Divine Divinity Review
There's much more to Divine Divinity than its impressive graphics and music and its combination of hack-and-slash action and pure role-playing, and that says a lot for the game.
The worst thing about Divine Divinity is its title. Strange name notwithstanding, Divine Divinity from Belgian developer Larian Studios is a well-designed, open-ended, lengthy role-playing game sporting impressive graphics and sound and a lot of replay value. Combining many of the best aspects both of action-driven RPGs like the Diablo series and epic, open-ended RPGs like the classic Ultima series, Divine Divinity is a real pleasure to play. And even despite its conventional fantasy setting and how it clearly takes inspiration from other games, Divine Divinity manages to have its own distinct style--thanks in large part to a truly incredible musical score. For all these reasons, Divine Divinity mustn't be overlooked amidst the stiff competition from this year's other great games in its category.
The story and setting of Divine Divinity are typical of what you'd expect from a fantasy role-playing game. The land of Rivellon combines magic, monsters, and medieval sensibility under one roof and is populated not just by humans but also by dwarves, elves, orcs, the living dead, and other fantasy archetypes. That the game takes place in an immediately recognizable fantasy world is evidence that Larian Studios didn't take risks with every aspect of Divine Divinity. The designers were wise in this--if you've played other role-playing games before, then chances are it won't take you long to get accustomed to Divine Divinity, and you'll appreciate that.
You'll appreciate even more the massive amount of detail that lies underneath the game's superficially generic style. This is one of those uncommon role-playing games where the world actually seems rather alive. Political tensions, social disorder, secret factions, and various guilds, cults, and pockets of resistance can be found all throughout Rivellon, and in large part it's up to you to decide whether or not to involve yourself in any of it. Alternately, you could just as well roam the countryside slaying villains and other wicked creatures, earning riches and using them to buy better and better equipment. The game does have a cohesive central story to it, but like many classic computer RPGs, Divine Divinity is just as much about creating your own adventures as it is about following a linear plot.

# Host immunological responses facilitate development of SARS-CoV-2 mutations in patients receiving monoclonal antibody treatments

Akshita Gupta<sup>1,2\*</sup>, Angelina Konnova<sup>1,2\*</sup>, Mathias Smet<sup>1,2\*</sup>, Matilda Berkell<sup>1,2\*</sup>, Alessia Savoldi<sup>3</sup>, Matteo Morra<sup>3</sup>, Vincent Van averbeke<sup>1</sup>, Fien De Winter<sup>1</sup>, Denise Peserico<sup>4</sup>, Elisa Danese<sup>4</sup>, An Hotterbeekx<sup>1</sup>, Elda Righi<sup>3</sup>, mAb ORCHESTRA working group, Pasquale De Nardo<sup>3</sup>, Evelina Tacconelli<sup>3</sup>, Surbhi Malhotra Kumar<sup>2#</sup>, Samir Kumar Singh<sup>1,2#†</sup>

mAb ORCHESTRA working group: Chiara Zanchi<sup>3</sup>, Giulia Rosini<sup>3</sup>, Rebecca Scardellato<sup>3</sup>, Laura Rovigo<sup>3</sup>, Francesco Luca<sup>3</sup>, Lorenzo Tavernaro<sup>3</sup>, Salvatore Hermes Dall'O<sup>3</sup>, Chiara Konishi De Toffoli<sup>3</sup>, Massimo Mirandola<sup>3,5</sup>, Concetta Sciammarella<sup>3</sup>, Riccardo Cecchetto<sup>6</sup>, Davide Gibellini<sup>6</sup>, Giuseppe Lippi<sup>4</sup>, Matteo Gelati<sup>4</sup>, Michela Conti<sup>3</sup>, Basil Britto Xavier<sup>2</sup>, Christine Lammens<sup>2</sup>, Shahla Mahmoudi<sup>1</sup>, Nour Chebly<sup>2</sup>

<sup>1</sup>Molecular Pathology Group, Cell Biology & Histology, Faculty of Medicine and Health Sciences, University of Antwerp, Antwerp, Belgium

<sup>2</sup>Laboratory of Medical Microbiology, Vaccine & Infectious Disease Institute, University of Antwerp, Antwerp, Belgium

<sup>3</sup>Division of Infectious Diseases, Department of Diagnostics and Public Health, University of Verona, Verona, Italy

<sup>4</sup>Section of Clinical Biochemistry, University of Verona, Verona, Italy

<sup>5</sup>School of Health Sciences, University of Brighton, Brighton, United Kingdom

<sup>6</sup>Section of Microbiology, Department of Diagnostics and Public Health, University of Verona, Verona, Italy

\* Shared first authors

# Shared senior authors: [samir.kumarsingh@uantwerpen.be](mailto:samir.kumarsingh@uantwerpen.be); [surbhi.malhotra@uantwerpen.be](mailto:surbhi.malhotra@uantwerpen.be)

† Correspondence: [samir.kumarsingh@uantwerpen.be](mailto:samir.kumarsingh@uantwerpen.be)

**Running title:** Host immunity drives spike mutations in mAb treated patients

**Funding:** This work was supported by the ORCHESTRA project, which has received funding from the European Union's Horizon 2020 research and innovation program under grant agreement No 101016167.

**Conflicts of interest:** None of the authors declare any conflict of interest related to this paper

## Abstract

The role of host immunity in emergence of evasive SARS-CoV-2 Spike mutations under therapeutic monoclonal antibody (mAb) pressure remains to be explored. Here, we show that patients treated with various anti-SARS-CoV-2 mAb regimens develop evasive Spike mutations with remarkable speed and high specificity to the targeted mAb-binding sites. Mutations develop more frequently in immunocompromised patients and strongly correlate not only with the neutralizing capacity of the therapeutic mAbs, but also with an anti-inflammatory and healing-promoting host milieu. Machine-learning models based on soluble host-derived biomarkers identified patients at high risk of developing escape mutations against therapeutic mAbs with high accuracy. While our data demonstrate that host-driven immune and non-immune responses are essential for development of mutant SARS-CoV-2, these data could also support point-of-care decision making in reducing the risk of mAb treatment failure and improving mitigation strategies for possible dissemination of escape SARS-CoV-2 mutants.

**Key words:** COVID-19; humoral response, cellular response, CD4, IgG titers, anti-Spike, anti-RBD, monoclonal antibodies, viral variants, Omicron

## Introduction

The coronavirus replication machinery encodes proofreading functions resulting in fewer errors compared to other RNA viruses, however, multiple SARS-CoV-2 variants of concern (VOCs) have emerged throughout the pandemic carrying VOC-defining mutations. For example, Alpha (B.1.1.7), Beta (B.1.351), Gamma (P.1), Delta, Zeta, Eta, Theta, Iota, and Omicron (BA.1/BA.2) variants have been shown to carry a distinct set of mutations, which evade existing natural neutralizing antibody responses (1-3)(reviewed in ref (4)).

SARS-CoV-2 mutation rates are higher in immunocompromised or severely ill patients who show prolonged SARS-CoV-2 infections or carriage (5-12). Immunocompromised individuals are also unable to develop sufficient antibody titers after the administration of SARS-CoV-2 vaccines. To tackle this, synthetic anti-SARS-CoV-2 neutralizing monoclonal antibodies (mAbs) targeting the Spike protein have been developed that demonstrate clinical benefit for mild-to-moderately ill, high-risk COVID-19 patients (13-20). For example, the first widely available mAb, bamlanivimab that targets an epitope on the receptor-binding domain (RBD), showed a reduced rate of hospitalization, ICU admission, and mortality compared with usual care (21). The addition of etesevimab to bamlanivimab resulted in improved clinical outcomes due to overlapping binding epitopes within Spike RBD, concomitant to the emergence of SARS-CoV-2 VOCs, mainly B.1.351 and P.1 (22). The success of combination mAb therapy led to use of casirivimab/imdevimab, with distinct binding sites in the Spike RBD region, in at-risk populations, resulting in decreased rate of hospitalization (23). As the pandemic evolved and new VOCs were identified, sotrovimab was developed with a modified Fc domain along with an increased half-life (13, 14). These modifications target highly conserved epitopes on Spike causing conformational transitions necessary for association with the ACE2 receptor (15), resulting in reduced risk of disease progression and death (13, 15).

You begin play by choosing from a male or female version of one of three character types: warrior, wizard, or survivor--the latter is basically a rogue. These characters look distinctly different and begin with different skills, and each also has its own special attack: The warrior is capable of performing a whirlwind attack that damages every adjacent enemy, the wizard can perform a magic trick causing him or her to switch positions with an enemy, and the survivor can sneak about, unbeknownst to nearby creatures. These come in very handy for each respective character and will probably govern how you play them.
Interestingly, each character type's special attack and initial starting abilities are all that distinguish that character from the others, because characters from any class can later proceed to learn any other class' skills as they gain experience levels. For example, a warrior may learn the wizard's restoration spell and the survivor's ability to gradually regenerate health. A survivor may learn the warrior's crossbow specialization skill or the warrior's repair ability. A wizard may learn the survivor's lock-picking and thieving skills. This system actually works very well and encourages you to create a multitalented character. Each time you gain a level, you'll find yourself facing a tough decision on which skills to learn or which skills to upgrade--but it's a tough decision not because there are many wrong answers, but because there are so many right ones. Most every skill in Divine Divinity is useful.
Right off the bat, Divine Divinity looks very similar to Diablo II, though it looks much better. The gameplay itself also seems quite similar at first. Controlling the game is simple using just the mouse, and occasional pathfinding issues and a few slightly awkward aspects of the interface really aren't much of a problem. Hotkeys are available for revealing all items of interest onscreen, and you can attack your opponents just by clicking on them once. Actually, the game has a very handy feature that lets you automatically target the nearest foe, so you don't even have to click on it directly.